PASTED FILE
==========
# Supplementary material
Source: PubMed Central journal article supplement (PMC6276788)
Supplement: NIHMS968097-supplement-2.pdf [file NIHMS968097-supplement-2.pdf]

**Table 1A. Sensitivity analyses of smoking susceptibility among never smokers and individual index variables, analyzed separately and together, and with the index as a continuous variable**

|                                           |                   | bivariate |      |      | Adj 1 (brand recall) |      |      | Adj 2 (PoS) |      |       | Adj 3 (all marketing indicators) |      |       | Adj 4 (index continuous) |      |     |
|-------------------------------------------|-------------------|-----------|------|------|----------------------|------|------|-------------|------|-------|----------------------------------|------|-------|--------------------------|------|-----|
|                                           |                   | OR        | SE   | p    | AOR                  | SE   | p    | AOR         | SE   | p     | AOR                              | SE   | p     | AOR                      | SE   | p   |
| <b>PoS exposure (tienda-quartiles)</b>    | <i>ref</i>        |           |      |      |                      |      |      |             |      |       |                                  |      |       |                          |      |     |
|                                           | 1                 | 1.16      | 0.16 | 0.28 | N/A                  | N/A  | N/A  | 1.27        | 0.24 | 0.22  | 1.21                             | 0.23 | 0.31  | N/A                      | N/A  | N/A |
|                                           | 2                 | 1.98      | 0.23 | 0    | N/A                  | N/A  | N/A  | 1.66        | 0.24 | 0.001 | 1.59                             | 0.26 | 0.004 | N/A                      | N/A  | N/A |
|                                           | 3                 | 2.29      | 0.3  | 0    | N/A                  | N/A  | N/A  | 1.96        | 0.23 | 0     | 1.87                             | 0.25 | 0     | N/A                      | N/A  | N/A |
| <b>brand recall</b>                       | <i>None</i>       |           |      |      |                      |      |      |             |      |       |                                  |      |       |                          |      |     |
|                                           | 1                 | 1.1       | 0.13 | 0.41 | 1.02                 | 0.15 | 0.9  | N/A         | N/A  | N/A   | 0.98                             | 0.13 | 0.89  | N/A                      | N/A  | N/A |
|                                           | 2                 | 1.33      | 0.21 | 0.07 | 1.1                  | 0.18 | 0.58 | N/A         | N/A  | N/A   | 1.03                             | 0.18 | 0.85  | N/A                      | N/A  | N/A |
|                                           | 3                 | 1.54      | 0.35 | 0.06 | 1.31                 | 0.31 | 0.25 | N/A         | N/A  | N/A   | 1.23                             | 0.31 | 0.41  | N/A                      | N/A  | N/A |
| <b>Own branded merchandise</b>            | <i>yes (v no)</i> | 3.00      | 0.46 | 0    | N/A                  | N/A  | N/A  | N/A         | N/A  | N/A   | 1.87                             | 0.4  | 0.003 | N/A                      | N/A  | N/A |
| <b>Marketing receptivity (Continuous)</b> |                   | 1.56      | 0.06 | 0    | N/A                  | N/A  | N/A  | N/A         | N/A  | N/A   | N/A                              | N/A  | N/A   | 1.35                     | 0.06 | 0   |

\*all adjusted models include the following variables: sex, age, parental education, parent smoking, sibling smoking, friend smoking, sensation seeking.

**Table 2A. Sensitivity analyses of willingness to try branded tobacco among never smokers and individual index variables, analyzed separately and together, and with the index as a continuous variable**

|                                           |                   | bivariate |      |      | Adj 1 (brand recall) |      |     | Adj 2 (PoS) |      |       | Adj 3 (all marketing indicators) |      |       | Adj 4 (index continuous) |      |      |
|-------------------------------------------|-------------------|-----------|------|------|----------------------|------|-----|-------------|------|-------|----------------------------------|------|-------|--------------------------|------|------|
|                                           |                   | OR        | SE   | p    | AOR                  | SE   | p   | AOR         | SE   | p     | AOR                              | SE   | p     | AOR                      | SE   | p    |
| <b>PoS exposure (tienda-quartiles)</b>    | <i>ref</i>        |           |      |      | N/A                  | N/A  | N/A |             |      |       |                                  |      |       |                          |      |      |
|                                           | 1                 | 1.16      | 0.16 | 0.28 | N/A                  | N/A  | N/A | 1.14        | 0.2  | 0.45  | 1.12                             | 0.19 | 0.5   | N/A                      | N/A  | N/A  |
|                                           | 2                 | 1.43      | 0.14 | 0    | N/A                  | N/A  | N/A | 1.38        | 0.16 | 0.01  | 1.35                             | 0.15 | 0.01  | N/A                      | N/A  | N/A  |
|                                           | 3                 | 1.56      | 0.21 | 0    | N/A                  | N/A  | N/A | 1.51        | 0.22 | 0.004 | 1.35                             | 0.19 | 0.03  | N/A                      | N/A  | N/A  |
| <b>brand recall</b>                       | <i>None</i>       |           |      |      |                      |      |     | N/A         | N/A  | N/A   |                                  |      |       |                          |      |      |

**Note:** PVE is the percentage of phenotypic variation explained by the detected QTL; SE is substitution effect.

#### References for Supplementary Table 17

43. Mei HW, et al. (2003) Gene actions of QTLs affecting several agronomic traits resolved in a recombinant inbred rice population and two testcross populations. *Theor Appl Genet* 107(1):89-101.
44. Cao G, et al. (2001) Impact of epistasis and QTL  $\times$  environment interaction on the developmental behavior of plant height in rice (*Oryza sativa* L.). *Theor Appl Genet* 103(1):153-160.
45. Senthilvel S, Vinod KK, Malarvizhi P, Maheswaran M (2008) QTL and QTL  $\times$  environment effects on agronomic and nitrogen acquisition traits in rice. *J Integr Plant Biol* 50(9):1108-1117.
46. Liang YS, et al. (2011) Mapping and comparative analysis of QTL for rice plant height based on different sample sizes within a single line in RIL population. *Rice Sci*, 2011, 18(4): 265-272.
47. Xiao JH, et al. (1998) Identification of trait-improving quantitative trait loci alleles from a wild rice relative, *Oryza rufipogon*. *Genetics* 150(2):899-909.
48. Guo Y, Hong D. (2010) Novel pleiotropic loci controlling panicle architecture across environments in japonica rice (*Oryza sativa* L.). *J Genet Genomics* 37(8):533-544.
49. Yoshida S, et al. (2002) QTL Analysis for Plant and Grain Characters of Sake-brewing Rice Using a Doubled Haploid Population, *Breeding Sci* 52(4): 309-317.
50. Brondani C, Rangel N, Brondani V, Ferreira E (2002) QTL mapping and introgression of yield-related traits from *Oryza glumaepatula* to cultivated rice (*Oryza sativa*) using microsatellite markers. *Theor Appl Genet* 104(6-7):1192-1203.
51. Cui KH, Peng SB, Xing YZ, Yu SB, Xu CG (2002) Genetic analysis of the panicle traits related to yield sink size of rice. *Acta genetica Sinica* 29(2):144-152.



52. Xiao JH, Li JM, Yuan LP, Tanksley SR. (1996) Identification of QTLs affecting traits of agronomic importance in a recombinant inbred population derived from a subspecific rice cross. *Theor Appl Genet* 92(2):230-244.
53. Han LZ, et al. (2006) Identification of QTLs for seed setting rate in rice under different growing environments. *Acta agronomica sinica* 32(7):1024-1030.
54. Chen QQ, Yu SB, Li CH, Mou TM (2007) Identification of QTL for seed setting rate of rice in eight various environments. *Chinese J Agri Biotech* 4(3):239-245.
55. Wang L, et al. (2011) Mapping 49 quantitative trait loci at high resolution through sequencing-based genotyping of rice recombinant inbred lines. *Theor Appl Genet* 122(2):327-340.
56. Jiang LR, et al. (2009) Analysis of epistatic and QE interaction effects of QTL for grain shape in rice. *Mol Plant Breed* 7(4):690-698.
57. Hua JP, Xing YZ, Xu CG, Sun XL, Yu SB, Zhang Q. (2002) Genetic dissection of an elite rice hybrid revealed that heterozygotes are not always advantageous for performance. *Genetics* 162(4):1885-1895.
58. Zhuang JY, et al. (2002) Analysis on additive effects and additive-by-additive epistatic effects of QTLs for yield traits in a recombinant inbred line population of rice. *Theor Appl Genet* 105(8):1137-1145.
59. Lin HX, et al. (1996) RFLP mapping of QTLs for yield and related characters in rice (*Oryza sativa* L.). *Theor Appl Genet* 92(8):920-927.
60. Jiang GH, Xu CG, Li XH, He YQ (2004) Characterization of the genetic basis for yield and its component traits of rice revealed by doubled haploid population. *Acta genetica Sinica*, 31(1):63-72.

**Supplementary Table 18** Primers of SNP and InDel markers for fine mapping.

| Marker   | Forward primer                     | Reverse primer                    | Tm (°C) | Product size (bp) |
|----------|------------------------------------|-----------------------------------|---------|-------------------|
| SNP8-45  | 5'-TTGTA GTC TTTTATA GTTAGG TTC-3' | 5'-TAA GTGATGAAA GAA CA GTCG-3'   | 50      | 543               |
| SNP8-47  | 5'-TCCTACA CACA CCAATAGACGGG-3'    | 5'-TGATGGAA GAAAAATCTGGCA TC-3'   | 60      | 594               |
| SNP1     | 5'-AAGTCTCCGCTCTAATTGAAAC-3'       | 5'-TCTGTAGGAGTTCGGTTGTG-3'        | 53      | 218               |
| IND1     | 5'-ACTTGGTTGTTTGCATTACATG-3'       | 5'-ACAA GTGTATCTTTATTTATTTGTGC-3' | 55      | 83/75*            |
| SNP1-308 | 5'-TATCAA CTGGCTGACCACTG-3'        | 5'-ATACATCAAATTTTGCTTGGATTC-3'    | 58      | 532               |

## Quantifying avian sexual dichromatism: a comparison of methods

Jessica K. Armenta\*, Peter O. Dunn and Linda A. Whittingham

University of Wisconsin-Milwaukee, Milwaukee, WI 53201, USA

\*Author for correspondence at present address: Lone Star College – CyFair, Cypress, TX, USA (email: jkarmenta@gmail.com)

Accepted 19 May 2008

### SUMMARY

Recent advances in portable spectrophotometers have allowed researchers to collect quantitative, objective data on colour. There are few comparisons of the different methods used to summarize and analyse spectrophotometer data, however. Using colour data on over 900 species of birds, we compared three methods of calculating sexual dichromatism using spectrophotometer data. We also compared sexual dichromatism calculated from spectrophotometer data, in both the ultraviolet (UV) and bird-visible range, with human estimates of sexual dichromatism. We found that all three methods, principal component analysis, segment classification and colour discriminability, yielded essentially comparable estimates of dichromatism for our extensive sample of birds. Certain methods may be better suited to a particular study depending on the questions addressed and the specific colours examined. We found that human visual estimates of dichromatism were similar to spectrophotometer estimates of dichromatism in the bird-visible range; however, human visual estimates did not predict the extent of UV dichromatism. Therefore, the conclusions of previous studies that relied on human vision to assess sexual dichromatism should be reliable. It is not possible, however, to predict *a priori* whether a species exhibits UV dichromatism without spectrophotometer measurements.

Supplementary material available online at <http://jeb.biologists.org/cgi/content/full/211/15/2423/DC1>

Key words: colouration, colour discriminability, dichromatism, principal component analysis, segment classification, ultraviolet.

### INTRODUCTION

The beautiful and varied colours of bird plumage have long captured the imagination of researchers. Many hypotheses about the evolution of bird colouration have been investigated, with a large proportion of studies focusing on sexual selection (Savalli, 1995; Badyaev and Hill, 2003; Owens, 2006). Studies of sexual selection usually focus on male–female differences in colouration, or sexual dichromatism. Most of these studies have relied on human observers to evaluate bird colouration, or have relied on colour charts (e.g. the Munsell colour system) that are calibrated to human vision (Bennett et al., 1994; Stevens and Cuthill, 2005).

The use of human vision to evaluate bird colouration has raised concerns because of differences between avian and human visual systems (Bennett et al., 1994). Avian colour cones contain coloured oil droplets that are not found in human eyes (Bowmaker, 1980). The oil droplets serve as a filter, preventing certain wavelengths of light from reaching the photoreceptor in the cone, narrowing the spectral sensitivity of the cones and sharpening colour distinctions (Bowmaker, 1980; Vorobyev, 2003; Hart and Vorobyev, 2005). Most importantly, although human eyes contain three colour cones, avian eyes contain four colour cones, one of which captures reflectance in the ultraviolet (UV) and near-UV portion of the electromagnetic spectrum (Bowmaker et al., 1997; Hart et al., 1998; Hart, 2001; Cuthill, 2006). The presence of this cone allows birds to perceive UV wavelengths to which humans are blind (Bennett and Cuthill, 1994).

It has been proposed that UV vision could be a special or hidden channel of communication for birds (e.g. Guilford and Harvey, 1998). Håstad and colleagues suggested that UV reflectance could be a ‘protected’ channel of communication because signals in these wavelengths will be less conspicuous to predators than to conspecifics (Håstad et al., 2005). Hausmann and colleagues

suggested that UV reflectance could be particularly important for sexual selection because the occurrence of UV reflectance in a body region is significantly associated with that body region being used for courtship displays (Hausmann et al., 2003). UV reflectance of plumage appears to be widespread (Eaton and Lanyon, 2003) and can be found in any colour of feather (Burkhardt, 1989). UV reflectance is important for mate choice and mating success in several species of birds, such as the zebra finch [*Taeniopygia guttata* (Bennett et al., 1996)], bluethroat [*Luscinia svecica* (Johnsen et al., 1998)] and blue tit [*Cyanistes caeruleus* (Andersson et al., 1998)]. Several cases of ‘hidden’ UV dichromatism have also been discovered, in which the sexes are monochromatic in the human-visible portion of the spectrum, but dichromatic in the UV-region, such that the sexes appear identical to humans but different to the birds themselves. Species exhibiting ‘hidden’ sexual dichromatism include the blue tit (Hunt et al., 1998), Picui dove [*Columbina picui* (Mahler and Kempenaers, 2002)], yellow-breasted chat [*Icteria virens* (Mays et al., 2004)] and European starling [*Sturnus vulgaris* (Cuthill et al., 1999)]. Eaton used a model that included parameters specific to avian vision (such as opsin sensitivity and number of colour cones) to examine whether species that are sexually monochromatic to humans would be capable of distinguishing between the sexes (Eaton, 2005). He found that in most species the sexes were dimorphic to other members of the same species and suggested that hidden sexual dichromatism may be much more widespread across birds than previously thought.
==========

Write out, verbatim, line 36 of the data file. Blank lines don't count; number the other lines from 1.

49. Yoshida S, et al. (2002) QTL Analysis for Plant and Grain Characters of Sake-brewing Rice Using a Doubled Haploid Population, *Breeding Sci* 52(4): 309-317.